The state-of-the-art ship, set for launch on September 11, has about 75 per cent indigenous components sourced from major industrial houses and over 100 MSMEs

The euphoria over the grand commissioning of INS Vikrant, India’s first indigenous aircraft carrier, is not over yet and the country is all set to witness the launch of the Indian Navy’s homemade stealth frigate Taragiri on September 11. The back-to-back events help show the Indian Navy’s transformation from a ‘buyer’ to a ‘builder’ over the years. Over 90 warships have been built in India since 1964, from small craft to an aircraft carrier.

Taragiri, the third of the navy’s stealth frigates under Project 17A, will be launched by the Mumbai-based Mazagon Dock Shipbuilders Ltd (MDL). The company had, a couple of months ago, launched two frontline warships—Udaygiri, the second stealth frigate of the Nilgiri class, and Surat, the fourth missile destroyer of the Visakhapatnam class.

Details shared by MDL put the indigenous component in Taragiri at 75 per cent. The ship was built using an integrated construction methodology, which involves hull block construction in different geographical locations and integration/ erection on slipway at the shipyard. The keel of the Taragiri was laid on September 10, 2020 and it is expected to be delivered by August 2025.

According to MDL, the 3,510 tonne ship has been designed by the navy’s Directorate of Naval Design. The construction was overseen by the Warship Overseeing Team (Mumbai). The 149-metre long and 17.8-metre wide ship is propelled by a combination of two gas turbines and two main diesel engines, which are designed to achieve a speed of over 28 knots (about 52 km per hour) at a displacement of approximately 6,670 tonnes. The hull of P-17A frigates have been constructed of low carbon, micro alloy-grade steel manufactured by SAIL (Steel Authority of India Limited).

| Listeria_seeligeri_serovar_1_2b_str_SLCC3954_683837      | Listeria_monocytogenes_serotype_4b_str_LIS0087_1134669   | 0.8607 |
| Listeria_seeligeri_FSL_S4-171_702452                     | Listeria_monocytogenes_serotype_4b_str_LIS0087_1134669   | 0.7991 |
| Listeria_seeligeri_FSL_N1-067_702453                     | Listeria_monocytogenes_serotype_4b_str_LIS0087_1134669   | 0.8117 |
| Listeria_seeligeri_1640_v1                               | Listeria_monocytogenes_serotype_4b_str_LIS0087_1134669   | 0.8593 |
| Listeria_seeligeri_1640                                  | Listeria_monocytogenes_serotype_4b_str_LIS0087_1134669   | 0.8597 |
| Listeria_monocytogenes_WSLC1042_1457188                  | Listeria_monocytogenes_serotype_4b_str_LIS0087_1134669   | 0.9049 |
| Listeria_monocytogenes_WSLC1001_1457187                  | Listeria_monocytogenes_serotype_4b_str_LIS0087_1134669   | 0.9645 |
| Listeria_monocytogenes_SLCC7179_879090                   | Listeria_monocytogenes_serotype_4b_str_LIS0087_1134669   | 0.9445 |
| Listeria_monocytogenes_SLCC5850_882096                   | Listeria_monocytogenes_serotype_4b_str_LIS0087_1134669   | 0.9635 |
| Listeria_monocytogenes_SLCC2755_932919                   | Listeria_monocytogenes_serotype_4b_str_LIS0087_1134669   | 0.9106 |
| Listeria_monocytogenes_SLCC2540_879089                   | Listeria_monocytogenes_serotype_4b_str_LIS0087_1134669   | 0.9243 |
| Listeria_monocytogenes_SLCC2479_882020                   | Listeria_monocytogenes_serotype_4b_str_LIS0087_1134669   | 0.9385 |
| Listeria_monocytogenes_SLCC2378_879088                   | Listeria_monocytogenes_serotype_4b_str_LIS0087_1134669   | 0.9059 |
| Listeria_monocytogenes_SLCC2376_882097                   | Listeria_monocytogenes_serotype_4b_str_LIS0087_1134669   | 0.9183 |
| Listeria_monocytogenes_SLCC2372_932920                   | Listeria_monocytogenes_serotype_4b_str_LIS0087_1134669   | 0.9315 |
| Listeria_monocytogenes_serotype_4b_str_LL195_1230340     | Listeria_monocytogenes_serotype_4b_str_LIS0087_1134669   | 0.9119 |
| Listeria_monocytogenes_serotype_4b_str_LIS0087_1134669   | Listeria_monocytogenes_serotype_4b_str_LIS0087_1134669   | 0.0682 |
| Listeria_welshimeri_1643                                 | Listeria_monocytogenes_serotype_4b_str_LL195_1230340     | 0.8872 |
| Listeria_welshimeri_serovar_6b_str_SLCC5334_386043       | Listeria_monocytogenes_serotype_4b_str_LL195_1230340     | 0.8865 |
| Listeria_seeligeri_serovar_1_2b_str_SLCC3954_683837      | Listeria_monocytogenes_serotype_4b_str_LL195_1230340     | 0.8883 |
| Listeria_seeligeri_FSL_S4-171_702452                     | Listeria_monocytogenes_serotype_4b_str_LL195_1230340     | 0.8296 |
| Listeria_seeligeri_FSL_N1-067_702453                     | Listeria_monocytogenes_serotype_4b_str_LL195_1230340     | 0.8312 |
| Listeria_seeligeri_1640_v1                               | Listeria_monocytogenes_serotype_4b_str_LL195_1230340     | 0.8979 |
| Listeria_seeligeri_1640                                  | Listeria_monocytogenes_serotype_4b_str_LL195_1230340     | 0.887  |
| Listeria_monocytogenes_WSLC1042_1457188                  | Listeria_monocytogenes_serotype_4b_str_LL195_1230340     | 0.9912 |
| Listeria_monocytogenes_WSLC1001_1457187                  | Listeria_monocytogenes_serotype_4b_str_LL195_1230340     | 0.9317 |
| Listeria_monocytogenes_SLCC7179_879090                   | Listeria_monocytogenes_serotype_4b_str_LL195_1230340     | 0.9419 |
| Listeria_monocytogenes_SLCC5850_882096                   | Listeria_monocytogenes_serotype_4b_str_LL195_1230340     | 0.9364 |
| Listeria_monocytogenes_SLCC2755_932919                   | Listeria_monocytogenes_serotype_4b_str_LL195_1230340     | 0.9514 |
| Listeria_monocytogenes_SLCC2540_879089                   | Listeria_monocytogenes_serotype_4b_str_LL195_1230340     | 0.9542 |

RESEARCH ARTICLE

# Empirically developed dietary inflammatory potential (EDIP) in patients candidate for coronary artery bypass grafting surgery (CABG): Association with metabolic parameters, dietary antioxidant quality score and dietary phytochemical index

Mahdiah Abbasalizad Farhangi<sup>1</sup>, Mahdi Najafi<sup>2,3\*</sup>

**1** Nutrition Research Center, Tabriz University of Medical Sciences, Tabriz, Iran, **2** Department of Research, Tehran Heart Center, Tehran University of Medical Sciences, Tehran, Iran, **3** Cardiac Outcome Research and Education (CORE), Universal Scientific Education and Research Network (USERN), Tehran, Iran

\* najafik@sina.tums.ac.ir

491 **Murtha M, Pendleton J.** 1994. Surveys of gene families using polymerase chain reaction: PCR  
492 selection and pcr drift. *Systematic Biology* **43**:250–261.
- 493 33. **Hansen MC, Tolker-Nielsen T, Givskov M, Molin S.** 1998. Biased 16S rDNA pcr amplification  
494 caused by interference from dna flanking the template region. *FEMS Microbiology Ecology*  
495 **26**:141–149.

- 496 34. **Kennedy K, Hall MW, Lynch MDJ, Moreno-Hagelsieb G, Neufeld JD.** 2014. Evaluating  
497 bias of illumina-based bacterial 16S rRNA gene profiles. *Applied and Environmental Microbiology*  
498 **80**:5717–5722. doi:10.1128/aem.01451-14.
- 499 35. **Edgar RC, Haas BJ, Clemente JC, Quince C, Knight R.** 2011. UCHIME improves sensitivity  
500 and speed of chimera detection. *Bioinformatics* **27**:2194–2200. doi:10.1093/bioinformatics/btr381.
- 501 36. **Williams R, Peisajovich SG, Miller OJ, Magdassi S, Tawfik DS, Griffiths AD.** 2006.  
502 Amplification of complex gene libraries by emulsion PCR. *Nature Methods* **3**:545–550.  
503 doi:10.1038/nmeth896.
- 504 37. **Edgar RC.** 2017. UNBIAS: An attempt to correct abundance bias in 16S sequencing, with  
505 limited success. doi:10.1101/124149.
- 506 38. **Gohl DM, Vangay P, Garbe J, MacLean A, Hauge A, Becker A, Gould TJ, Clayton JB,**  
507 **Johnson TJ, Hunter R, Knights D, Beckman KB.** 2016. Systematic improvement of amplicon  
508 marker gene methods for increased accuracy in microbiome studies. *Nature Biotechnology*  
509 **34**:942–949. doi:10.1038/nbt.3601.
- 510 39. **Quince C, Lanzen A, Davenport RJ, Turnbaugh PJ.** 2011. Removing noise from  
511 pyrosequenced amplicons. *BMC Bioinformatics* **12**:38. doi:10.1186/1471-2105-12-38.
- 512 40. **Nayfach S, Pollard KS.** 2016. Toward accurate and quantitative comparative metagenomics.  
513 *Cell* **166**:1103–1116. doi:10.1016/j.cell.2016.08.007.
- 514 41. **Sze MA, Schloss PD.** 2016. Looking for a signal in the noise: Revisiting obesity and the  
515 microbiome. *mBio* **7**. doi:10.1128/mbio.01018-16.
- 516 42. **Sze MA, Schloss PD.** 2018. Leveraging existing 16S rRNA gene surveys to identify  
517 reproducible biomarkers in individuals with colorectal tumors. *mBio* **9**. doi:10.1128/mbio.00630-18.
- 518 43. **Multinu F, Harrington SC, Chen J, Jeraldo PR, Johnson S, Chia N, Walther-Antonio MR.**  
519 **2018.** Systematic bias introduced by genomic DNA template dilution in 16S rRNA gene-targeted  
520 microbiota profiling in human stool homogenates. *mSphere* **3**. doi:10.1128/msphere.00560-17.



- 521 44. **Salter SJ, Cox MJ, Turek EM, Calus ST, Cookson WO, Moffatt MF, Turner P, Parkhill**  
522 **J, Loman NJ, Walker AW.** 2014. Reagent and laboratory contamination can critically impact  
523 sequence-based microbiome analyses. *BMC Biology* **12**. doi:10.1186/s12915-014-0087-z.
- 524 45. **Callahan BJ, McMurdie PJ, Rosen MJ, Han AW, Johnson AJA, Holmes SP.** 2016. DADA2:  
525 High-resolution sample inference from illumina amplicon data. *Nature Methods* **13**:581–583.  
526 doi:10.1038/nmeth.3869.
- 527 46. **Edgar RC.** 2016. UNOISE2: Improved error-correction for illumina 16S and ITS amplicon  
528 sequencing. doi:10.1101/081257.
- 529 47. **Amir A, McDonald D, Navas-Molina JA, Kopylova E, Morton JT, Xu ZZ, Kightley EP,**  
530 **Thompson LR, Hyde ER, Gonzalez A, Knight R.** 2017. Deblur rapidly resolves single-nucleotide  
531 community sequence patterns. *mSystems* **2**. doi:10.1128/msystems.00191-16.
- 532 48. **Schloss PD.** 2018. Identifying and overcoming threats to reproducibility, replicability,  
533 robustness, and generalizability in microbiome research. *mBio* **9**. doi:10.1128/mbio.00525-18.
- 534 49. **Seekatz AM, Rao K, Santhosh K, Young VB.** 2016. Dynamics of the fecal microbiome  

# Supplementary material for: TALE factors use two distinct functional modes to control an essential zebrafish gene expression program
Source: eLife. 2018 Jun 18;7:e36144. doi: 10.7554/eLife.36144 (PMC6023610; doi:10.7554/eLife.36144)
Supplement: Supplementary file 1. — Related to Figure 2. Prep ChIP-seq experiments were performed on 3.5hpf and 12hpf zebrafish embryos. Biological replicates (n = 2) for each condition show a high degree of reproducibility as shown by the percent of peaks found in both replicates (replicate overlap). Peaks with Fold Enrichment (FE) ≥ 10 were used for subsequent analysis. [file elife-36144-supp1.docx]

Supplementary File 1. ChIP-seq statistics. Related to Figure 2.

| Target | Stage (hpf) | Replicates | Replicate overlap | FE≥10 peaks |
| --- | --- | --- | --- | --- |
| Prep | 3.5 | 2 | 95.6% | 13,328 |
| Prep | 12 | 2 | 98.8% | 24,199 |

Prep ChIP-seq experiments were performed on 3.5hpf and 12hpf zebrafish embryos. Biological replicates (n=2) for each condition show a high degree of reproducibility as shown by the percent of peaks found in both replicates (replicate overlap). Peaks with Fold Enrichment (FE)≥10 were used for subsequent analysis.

The stealth frigate will have state-of-the-art weapons, sensors, an advanced action information system, an integrated platform management system, world-class modular living spaces, a sophisticated power distribution system and a host of other advanced features. It will be fitted with a supersonic surface-to-surface missile system. The ship’s air defence capability, designed to counter enemy aircraft and anti-ship cruise missiles, will revolve around the vertical-launch and long-range surface-to-air missile systems. Two 30 mm rapid-fire guns will provide the ship with close-in defence capability. Indigenously developed triple tube lightweight torpedo launchers and rocket launchers will add punch to the ship’s anti-submarine capabilities.

The 75 per cent indigenous content in the frigate is a notch better than its predecessors, P-17 Shivalik-class ships. Taragiri will be integrated with a large number of indigenous equipment and machinery sourced from major industrial houses in the country as well as over 100 MSMEs. “Indigenisation efforts have received a renewed thrust with the ‘Make in India‘ policy, leading to the development of ancillary industries along with the generation of employment both locally as well as at a pan-India level. This, in turn, is strengthening the economy,” an MDL official said.